Ambient beat producer Matthewdavid’s ‘Outmind’ tells the story of his Los Angeles experience


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It was a balmy spring afternoon and the day’s woozy effect seemed magnified within the cozy, white, hillside backhouse in Highland Park. Through an open window, sunlight and breeze streamed into the home recording studio of Matthew McQueen, a.k.a. Matthewdavid, who at 26 has amassed a laundry-list of extant titles: artist, engineer, label head, local promoter, radio host/DJ, digital content manager and, in his words, “interstellar cross-collaborator.”

The multi-tasking is a lot to keep up with -- not least of all for him -- but the most common thread running through his various occupations is clearly visible in the rented space he shares with his girlfriend, visual artist Jesselisa Moretti. In fact, it almost qualifies as a third resident. His collection of cassette tapes seems to have the run of the place. There are easily a thousand of them -- stacked neatly on shelves, piled haphazardly in corners, or loose on the mauve carpet.


“I love the sound,” said McQueen, taking a break from finalizing the cassette-sourced DJ mix he’d made that morning for website Altered Zones, the experimental music offshoot of Pitchfork Media. “The crunchiness, the warbling, the swelling. That undulating sonic quality that happens when you have an old tape that’s gone bad. You can’t find it anywhere else.”

McQueen’s debut album “Outmind” is out April 19 on Brainfeeder, the imprint run by Angeleno electronic auteur Flying Lotus, and it’s full of that reel-to-reel, analog iridescence. His trademark mélange of ambient textures, psychedelic instrumentation and earthy beats has made McQueen a unique presence within a local scene typified by computer-derived music.

It helps too that he produces Top Tape, a monthly open-call cassette-DJing night at Silver Lake’s Hyperion Tavern, and runs a cassette label with Moretti, Leaving Records. Meanwhile, his day-job involves digitally mastering albums for Alpha Pup, the label at the heart of L.A.’s electronic music movement, and overseeing the company’s online distribution system.

“It’s a little ironic,” said Alpha Pup boss Kevin Moo, “but I think it just shows how much of a music person he is. He knows both sides of the business, and whatever he’s doing, he’s really going for it. I’ve known him since he moved here and I’ve been lucky to see him really take off.”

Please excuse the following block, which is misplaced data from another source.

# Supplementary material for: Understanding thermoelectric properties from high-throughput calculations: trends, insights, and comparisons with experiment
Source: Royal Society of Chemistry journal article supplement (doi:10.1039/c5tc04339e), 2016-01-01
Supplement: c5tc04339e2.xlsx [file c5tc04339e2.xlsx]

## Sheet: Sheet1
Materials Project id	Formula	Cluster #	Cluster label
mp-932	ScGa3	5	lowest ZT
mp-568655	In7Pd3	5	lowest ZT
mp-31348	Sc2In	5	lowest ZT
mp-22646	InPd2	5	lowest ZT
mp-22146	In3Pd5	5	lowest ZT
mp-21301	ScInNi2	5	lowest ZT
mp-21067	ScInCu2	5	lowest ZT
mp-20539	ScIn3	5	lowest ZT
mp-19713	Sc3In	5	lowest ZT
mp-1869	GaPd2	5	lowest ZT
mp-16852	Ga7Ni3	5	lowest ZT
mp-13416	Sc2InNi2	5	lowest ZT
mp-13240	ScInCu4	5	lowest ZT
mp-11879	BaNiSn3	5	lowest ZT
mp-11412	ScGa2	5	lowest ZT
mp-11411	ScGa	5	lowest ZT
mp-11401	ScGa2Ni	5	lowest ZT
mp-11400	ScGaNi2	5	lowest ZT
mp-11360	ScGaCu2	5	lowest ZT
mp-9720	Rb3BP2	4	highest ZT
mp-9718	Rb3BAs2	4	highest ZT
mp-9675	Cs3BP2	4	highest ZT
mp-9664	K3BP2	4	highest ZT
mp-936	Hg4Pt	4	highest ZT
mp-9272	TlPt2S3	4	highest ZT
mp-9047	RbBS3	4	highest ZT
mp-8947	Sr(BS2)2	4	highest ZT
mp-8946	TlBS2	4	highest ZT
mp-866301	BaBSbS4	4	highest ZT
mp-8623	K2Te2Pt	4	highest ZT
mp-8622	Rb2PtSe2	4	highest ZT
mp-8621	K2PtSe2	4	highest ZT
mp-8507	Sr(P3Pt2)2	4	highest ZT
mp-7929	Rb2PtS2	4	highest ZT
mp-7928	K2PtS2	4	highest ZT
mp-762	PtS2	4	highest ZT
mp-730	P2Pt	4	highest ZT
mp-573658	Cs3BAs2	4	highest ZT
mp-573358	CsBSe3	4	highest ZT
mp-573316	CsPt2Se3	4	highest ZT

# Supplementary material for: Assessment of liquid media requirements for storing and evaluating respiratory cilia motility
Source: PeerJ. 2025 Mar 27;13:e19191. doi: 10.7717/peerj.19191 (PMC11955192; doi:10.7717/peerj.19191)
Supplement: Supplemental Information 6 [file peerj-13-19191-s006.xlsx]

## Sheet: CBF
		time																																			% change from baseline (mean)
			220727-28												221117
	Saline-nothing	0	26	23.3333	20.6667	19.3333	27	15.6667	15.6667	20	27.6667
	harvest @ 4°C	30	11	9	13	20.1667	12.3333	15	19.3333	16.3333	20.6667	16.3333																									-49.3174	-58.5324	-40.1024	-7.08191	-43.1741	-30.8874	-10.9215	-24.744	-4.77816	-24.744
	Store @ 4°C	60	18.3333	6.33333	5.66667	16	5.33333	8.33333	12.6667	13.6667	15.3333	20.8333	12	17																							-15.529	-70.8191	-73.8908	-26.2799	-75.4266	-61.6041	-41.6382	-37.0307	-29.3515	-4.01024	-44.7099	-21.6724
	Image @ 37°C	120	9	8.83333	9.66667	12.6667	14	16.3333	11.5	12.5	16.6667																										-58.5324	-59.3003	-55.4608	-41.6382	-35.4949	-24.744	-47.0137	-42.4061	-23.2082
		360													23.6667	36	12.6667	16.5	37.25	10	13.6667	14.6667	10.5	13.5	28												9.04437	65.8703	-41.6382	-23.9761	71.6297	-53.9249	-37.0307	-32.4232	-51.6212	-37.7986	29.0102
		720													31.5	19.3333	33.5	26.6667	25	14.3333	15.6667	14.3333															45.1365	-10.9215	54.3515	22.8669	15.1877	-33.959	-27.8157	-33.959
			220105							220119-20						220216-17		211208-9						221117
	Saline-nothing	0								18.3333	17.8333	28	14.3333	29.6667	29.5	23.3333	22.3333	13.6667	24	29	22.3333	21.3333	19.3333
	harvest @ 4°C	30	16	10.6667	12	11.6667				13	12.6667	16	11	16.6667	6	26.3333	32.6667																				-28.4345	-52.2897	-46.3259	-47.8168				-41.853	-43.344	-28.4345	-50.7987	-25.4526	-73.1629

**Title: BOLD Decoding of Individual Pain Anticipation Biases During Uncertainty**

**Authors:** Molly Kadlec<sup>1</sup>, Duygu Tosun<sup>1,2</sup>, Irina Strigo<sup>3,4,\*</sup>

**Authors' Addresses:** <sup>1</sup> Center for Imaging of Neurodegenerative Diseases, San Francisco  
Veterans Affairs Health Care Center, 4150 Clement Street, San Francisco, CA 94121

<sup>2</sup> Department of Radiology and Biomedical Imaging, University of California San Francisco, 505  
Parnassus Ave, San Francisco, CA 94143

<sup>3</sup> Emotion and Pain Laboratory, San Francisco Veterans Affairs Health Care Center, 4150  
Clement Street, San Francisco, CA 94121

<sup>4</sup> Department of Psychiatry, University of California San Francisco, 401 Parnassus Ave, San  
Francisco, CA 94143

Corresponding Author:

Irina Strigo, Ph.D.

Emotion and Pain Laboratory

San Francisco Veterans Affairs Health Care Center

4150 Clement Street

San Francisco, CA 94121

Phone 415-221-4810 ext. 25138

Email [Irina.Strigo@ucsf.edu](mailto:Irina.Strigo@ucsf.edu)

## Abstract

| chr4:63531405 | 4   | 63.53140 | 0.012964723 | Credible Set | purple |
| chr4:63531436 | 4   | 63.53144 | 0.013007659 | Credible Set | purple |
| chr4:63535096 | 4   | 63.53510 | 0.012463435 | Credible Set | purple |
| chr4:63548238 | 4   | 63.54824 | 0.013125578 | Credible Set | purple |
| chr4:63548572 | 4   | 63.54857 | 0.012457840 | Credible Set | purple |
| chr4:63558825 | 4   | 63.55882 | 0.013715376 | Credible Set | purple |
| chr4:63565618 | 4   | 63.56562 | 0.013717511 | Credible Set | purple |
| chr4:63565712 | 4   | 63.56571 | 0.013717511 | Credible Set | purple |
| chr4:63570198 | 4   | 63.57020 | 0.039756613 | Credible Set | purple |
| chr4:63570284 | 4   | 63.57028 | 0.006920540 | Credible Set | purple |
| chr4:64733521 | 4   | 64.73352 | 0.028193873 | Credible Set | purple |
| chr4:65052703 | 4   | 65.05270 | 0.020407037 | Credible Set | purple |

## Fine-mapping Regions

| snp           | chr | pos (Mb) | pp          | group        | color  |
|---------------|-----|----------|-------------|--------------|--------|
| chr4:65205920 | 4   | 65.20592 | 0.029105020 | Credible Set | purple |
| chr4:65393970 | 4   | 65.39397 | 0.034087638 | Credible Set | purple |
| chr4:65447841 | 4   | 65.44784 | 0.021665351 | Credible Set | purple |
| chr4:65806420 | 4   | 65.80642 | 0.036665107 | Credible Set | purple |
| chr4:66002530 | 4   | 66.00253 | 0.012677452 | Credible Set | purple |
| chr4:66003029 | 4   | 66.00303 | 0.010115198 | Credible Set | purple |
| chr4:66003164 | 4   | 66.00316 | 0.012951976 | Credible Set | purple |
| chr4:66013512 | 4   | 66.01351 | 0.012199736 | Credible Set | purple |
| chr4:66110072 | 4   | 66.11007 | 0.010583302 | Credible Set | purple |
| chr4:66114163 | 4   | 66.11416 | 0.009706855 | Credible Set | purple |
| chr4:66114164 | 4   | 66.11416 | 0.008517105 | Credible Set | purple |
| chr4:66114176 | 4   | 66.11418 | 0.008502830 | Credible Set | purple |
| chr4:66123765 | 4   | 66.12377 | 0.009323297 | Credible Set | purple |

An Atlanta native, McQueen had taken piano lessons as a child, then withdrew into rap at 14 when his family moved to Gulf Breeze, Florida, a “white island of suburbia” near Pensacola. While pursuing his B.A. at the state university in Tallahassee, he began to experiment with jam sessions, and listen to the left-field hip-hop of L.A. labels like Stones Throw and Plug Research.

He became an intern at the latter immediately after moving west in October of 2006, a couple of weeks before the opening night of Low End Theory, the Lincoln Heights club night that ushered in the so-called “beat scene.” McQueen’s growth has moved in tandem with the local musical renaissance, and he’s helped push it along in ways both concrete and abstract.

“I ended up sampling his early stuff for my ‘Los Angeles’ record,” said Steve Ellison, a.k.a. Flying Lotus. That 2008 LP was praised for its ambient warmth. Moreover, it was the scene’s crossover moment. “I was hearing a lot of beat-driven music, and this kid started sending me all of this analog stuff. It was such a magical sound, really wondrous. I told everybody about it.”

McQueen continued recording but worked primarily as a tastemaker, first as part of the Dublab web radio collective and later at Alpha Pup, where he’s taken on the role of occasional talent scout. Last year he brought Russian imprint Error Broadcast into the budding label family, and his own Leaving Records roster includes artists as far-flung as England and New Zealand.

All of this, McQueen said, fed into “Outmind” which opens with a sampled cassette field recording of Dublab founder Mark “Frosty” McNeill praising the sights, the sounds and -- befitting the patently hazy Matthewdavid vibe -- the smog of the city. The album’s songs are imbued with a hard-to-pin-down quality that both McQueen and Ellison refer to as “seeking.”

“Music’s very spiritual for me,” said McQueen. “This record was four years in the making, and it’s been a self-discovery process inspired by the encouraging energy here. I think it’s far-out enough to raise some questions from the listener, but it basically tells the story of my Los Angeles experience.”


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-- Chris Martins